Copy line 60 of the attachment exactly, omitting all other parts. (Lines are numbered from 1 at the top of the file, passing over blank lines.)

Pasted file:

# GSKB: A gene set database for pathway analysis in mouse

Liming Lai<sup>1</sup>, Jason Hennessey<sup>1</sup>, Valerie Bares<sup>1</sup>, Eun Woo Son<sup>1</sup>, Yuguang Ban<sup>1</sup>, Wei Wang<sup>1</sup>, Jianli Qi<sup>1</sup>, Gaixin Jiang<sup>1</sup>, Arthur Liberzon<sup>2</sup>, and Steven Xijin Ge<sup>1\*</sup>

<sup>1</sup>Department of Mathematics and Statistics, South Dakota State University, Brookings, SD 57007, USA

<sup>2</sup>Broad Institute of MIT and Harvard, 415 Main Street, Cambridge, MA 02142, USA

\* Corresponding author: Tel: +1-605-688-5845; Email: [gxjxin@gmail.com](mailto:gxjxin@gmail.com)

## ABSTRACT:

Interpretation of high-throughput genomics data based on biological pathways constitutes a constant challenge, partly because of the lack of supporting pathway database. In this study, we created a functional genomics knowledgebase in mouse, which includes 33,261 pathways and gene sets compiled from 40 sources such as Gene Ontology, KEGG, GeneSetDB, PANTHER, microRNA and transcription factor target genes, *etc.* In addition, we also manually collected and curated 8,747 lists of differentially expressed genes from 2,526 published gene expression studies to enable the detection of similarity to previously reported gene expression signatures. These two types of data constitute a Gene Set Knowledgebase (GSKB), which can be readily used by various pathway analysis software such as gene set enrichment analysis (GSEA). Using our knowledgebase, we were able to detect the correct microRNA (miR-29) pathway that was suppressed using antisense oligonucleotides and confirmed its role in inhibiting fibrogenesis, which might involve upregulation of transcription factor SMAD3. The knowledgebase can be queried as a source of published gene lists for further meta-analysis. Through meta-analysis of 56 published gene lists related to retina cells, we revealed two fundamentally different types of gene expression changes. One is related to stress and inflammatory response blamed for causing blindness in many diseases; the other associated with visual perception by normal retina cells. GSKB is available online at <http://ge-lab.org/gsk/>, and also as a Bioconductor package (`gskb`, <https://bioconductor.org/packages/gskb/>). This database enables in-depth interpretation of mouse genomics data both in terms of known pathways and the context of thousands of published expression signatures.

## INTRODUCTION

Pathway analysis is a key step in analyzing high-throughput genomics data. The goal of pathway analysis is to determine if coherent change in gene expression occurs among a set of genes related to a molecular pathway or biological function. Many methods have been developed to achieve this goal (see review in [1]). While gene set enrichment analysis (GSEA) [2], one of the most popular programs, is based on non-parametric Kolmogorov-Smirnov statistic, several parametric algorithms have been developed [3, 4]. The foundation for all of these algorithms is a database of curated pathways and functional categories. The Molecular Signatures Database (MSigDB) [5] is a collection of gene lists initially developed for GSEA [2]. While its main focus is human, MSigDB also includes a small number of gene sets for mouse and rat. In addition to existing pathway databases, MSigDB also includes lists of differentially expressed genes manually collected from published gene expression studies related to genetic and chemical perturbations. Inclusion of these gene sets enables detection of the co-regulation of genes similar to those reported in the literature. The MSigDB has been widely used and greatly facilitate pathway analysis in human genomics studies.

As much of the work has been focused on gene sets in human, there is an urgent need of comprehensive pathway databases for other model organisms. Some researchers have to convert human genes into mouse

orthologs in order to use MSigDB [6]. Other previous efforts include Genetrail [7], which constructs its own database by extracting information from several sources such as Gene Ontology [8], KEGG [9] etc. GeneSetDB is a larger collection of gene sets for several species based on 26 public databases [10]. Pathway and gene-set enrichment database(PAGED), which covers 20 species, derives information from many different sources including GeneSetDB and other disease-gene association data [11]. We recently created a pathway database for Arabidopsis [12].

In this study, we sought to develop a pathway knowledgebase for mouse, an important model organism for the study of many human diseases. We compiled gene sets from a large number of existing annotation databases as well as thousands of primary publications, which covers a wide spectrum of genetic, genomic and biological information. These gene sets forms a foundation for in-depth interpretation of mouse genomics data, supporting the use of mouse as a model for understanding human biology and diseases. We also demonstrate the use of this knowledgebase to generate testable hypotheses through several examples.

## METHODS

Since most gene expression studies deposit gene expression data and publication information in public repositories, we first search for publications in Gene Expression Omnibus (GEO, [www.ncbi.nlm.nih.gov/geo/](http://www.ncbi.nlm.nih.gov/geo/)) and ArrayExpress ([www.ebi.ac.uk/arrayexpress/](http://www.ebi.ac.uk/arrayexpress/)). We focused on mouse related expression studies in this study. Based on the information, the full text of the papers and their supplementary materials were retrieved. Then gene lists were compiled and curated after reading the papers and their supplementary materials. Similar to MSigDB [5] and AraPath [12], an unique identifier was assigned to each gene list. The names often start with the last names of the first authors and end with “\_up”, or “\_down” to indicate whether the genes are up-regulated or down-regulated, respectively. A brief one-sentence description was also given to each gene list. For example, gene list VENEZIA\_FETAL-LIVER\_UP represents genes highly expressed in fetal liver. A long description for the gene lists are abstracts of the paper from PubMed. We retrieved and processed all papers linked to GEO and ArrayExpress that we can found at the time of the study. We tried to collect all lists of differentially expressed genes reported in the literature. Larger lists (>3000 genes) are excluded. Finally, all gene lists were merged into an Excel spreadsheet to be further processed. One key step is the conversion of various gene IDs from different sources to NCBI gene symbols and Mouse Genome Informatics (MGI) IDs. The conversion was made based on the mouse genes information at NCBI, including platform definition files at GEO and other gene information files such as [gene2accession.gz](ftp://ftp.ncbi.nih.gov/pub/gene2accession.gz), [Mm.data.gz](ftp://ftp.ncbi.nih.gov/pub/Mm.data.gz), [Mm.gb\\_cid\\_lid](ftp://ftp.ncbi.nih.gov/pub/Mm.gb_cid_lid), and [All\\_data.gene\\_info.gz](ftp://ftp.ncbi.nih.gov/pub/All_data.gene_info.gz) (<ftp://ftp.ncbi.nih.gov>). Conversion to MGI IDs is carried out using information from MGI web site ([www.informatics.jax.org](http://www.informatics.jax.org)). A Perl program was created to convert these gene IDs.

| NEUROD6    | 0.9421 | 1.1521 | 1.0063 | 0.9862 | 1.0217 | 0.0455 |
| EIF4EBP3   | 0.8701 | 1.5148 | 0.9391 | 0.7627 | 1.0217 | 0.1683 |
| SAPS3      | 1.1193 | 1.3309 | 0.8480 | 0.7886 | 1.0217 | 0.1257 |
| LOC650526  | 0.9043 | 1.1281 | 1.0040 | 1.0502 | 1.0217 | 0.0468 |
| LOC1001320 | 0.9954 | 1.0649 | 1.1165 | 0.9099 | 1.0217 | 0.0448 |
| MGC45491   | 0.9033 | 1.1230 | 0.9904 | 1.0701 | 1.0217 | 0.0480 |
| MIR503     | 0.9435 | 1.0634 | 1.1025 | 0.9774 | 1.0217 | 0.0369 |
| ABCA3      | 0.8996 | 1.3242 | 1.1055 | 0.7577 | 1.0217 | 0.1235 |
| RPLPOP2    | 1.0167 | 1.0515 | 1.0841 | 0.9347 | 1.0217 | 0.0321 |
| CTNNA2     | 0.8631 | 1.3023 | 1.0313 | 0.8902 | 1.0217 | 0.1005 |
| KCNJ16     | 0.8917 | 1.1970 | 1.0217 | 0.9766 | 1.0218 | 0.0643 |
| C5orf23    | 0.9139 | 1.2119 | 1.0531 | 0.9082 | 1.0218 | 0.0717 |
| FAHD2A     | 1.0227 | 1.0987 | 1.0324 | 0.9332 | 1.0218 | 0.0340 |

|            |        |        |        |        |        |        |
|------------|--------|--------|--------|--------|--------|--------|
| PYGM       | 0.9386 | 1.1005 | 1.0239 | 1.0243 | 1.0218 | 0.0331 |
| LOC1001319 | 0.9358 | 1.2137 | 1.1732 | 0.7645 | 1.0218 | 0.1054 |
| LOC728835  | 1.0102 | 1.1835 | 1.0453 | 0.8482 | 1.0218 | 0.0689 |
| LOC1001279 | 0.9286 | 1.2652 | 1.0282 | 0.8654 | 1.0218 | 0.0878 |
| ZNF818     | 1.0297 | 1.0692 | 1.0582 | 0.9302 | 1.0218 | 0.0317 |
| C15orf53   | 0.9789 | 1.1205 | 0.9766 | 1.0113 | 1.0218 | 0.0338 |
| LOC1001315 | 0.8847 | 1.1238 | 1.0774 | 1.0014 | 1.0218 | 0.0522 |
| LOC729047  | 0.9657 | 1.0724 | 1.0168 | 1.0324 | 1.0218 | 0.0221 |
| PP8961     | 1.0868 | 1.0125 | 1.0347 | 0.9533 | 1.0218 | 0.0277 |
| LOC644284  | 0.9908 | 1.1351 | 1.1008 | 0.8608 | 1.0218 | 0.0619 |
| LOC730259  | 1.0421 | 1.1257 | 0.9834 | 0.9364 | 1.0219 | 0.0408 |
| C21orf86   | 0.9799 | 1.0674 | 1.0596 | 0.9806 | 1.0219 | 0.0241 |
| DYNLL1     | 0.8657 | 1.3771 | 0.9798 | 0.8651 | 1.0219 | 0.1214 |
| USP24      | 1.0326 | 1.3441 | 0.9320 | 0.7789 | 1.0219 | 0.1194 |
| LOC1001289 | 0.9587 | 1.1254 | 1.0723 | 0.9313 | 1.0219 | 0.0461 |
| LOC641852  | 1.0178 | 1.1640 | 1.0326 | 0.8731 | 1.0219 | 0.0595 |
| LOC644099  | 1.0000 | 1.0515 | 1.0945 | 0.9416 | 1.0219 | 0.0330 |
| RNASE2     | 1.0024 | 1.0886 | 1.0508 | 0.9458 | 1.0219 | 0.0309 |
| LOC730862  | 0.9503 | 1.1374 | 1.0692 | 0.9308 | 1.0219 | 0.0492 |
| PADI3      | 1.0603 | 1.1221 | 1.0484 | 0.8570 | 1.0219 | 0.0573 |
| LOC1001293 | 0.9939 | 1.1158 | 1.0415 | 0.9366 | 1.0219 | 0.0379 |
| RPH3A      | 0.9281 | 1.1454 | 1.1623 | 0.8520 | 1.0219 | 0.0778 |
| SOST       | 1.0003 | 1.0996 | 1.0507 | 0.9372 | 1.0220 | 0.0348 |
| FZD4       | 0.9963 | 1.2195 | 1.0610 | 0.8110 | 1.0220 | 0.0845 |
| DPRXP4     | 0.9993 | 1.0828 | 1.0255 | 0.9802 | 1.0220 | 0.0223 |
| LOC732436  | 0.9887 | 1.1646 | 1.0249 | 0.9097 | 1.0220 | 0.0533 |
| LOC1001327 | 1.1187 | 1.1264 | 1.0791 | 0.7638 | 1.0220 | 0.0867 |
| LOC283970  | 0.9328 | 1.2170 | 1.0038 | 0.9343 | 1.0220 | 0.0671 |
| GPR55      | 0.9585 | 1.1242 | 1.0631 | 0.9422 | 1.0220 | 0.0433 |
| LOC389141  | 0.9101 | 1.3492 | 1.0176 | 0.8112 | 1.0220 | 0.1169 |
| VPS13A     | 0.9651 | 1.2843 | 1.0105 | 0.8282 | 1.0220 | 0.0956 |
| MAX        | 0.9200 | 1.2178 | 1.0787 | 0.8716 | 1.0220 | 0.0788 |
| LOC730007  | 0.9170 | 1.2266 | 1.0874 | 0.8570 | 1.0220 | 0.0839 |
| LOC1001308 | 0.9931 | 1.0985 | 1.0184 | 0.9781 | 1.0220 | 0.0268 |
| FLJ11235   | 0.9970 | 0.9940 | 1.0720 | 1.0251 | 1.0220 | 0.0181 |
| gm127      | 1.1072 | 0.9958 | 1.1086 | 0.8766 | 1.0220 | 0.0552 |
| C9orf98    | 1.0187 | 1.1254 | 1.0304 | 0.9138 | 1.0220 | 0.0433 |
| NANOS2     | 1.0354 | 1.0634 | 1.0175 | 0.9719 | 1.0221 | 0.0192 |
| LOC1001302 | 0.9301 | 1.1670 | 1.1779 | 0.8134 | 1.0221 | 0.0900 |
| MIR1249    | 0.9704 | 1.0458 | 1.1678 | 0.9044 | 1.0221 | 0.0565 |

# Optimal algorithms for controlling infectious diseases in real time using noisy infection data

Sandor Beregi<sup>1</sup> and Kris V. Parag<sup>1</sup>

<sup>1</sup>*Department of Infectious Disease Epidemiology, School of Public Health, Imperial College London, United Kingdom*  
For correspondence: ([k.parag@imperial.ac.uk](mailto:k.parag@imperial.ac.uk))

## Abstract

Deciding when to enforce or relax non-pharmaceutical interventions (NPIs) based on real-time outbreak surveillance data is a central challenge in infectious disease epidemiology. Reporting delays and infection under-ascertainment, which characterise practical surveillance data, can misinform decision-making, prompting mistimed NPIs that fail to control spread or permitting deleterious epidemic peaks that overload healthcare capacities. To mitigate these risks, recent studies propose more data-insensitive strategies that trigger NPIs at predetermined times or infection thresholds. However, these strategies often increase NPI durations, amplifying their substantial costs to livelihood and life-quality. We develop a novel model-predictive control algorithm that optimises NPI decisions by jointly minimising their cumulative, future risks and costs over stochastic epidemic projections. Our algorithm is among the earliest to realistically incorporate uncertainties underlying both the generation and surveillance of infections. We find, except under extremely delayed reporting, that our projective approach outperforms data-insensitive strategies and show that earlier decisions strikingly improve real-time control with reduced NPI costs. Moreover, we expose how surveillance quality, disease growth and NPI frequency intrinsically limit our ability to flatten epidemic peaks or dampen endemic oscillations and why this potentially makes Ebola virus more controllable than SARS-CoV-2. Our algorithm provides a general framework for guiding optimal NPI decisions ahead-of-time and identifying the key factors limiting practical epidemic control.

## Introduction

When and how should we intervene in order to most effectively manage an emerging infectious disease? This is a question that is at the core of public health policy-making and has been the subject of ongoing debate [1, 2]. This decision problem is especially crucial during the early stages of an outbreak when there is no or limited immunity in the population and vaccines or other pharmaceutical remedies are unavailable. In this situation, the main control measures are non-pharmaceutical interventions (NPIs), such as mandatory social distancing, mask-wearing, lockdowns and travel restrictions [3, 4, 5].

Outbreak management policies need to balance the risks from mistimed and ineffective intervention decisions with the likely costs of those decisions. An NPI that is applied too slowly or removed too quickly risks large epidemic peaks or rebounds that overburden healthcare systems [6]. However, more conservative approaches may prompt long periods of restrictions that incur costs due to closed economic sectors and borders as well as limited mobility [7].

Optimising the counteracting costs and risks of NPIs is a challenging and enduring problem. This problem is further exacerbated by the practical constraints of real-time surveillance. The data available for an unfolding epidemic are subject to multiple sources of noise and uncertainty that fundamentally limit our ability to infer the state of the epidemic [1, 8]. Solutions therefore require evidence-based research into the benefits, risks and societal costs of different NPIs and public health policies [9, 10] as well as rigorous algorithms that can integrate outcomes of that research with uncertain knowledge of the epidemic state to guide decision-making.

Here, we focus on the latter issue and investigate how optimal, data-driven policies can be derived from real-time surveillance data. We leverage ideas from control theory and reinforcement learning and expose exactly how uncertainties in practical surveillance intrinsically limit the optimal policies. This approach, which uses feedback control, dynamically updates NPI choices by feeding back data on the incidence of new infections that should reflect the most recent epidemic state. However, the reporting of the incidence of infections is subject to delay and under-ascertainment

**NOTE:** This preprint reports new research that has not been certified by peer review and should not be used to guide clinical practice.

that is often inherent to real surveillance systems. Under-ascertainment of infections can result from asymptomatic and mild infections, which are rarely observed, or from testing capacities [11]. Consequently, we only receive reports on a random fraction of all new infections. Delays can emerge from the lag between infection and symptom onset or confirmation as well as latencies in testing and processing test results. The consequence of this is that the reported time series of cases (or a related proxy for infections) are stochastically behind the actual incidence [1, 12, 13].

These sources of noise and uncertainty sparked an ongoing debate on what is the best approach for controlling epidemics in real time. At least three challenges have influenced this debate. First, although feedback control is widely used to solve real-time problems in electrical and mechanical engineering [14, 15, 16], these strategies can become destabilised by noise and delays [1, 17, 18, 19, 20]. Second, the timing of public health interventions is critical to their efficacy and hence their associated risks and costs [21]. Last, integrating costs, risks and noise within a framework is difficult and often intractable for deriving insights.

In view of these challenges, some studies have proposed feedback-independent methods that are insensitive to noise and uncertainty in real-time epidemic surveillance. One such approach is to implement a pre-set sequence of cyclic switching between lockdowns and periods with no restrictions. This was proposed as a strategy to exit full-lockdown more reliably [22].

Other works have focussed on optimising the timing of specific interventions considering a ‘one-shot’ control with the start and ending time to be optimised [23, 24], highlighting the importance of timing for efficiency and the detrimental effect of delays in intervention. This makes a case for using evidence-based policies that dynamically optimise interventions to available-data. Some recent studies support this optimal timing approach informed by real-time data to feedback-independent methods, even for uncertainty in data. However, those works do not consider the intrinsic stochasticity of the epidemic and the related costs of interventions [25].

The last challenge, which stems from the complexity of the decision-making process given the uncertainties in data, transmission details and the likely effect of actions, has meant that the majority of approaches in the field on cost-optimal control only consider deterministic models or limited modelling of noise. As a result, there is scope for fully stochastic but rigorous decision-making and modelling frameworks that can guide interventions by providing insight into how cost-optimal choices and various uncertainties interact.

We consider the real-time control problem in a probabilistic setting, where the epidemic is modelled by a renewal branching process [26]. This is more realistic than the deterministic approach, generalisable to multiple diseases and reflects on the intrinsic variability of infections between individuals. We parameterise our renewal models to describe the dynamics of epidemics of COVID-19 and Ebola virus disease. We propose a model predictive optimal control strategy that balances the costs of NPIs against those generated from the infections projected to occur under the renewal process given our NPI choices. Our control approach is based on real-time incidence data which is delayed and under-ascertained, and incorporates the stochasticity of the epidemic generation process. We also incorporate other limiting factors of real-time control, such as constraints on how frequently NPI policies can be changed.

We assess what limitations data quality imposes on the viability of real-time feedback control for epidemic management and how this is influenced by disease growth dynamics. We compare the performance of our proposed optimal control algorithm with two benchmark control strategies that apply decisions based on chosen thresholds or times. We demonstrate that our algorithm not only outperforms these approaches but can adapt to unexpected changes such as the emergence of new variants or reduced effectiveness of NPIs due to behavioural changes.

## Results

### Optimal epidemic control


| VPS13A     | 0.9651 | 1.2843 | 1.0105 | 0.8282 | 1.0220 | 0.0956 |